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What Exactly is the Heat Stain on Stainless?

A discussion started in 2001 and continuing through 2020 so far.
Adding your Q. / A. or Comment will restore it to our busy Current Topics page


Q. Curious ... when SS is ground, what is the brownish stain left? "Heat stain"? What is the composition, and does it need to be removed to have successful passivation? Thank you.

Tom Greifenkamp
- Cincinnati, Ohio

simultaneous 2001

A. The surface discoloration on stainless steel after grinding or welding is surface oxidation. At elevated temperature, the metal comprising the stainless steel will combine with oxygen to form an oxide layer on the metal surface. The color of the "stain" is a function of the layer thickness. Oxidation of stainless steel indicates that the metal temperature at the oxidized surface was in excess of 1000 °F.

This surface oxide must be removed for the surface to be passivated and reach optimum corrosion resistance. An oxide layer that you can see by color change is not a protective oxide layer that is obtained by chemical passivation.

In addition, if you are causing a brown stain by grinding, you may be doing more damage to the material than forming a little surface oxide. Heating the stainless steel to temperatures in excess 800 °F can cause metallurgical changes and reduce corrosion resistance in a manner that is not corrected by surface cleaning or chemical passivation.

larry hanke
Larry Hanke
Minneapolis, Minnesota


A. I suspect the gold/brown you are seeing is iron oxide--you will see the same color if you roast the metal in air, with the oxidation increasing proportionate to the temperature and the time at temperature. Stainless normally has an atomic layer of iron and chromium oxide on the surface which protects the steel from corrosive attack--hence, it becomes "stainless"; the layer is thinner than the visible light wavelengths, and therefore appears clear. [to all of the purists: there is no color because the oxide layer is not thick enough for there to be an interaction between reflected and refracted light on and through the oxide layer] Heating the metal in air converts more of the surface to the oxide, the oxide layer becomes thicker, and the characteristic red-brown color of iron oxide is able to be detected visually.

Technically, this process which is "browning" the stainless is passivating the metal by ensuring an oxide layer at the surface. However, a quick dip in an HCl solution followed by a thorough rinse should remove the oxide "stain", providing it only has a slight "heat" discoloration. You will need to re-passivate after removing the surface oxide layer.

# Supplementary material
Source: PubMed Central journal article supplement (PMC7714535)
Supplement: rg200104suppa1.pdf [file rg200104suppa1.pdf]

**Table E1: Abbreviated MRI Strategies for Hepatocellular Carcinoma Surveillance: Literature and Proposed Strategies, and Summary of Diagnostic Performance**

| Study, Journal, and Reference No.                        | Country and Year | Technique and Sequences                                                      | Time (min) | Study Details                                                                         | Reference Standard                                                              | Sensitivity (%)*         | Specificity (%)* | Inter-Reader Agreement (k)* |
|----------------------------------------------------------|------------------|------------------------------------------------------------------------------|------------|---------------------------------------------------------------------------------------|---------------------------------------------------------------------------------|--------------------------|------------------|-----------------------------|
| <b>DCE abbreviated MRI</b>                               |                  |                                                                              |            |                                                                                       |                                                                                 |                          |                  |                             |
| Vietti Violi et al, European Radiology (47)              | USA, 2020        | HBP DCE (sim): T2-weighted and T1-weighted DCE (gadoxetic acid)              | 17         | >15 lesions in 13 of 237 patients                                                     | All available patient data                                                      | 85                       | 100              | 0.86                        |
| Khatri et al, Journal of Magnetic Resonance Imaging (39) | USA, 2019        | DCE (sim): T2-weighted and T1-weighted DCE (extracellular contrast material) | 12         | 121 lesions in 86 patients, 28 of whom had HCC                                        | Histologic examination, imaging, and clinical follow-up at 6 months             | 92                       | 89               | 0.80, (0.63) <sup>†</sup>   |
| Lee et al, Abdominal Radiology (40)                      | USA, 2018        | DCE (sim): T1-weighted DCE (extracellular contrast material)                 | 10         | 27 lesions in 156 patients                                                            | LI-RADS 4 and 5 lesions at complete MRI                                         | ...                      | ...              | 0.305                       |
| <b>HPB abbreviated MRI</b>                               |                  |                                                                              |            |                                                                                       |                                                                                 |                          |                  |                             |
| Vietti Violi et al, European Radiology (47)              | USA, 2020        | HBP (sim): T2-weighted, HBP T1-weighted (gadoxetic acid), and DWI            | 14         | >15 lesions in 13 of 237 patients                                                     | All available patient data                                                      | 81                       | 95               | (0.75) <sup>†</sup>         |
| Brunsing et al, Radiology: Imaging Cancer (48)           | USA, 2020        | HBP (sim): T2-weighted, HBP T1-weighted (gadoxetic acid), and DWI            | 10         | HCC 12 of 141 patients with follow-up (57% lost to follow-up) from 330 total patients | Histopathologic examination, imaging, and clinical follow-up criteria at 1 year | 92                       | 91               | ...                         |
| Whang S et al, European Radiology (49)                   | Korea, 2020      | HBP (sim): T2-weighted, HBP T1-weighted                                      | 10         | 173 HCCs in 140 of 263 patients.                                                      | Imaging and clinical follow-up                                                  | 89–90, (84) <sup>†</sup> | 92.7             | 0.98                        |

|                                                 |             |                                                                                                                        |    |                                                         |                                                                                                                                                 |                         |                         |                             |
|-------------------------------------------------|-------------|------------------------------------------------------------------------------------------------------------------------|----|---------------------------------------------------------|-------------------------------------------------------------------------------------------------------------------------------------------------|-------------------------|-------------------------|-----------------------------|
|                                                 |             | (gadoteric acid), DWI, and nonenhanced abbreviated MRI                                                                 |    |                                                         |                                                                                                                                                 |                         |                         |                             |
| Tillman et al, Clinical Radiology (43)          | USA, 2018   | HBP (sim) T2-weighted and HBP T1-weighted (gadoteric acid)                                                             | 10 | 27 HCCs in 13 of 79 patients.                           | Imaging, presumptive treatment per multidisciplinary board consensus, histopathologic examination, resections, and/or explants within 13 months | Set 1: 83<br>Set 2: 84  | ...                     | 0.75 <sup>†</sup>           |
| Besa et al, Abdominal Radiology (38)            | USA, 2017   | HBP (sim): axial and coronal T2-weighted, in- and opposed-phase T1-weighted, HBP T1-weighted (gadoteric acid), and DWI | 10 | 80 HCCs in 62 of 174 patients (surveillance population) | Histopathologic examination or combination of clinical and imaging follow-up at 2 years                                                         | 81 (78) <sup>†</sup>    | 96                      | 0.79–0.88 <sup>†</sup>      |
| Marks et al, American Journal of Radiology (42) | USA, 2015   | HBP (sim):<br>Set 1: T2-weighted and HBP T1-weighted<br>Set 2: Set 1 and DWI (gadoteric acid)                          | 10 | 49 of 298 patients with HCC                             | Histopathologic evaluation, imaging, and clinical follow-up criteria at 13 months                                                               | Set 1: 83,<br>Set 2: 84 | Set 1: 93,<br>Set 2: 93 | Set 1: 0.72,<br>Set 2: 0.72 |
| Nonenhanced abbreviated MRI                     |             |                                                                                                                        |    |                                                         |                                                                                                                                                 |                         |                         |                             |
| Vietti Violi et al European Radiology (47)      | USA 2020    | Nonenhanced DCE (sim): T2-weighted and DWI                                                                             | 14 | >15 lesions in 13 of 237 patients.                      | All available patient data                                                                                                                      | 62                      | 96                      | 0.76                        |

Dale Woika
- Bellefonte, Pennsylvania, USA

Sharpening stainless surgical instruments and the effect on passivation


Q. I need insight on the effects of surface grinding as in sharpening surgical osteotomes on the passivation layer on the steel, and I know when scratched the layer will return, is this true for surface grinding. Also does blending out the grind marks with a less aggressive wheel and polishing with a buffing wheel help the passivation layer to return. Any help will be appreciated.

Clifford Russell
surgical instrument repair - Lake Elsinore, California, USA


A. The passivation coating on stainless steel is due to the formation of chromium oxide and this will whenever the chromium is exposed to air. Using a fine honing wheel will give you a sharper edge as you will be removing the edge fluctuations caused by a coarse wheel, but, in theory, it will not affect the formation of the oxide. In practice it will give a better looking and sharper edge. Depending in the type of stainless steel you are using, you may start to work harden the edge and change its magnetic properties as you grind it.

trevor crichton
Trevor Crichton
R&D practical scientist
Chesham, Bucks, UK

To minimize search efforts and to offer multiple viewpoints, we combined previously separate threads onto this page. Please forgive any resultant repetition, failures of chronological order, or what may look like readers disrespecting previous responses -- those other responses may not have been on the page at the time :-)


Q. Removal of heat stain on stainless steel and chrome. Once a heat stain is produced on a chrome surface, what it the best method for removal?

Donald Dobrow
golf club fitter - Huntington Beach, California, USA

January 21, 2011

A. There are several metal polishes out there that you can use to remove the heat bluing or stain. Brasso [affil. link to info/product on Amazon], SimiChrome [affil. link to info/product on Amazon]. Check your local hardware store, or motorcycle accessory shop. They typically carry products to get rid of bluing on exhaust pipes.

Good Luck,

Steve Sullivan
- St. Charles, Missouri, USA

April 21, 2012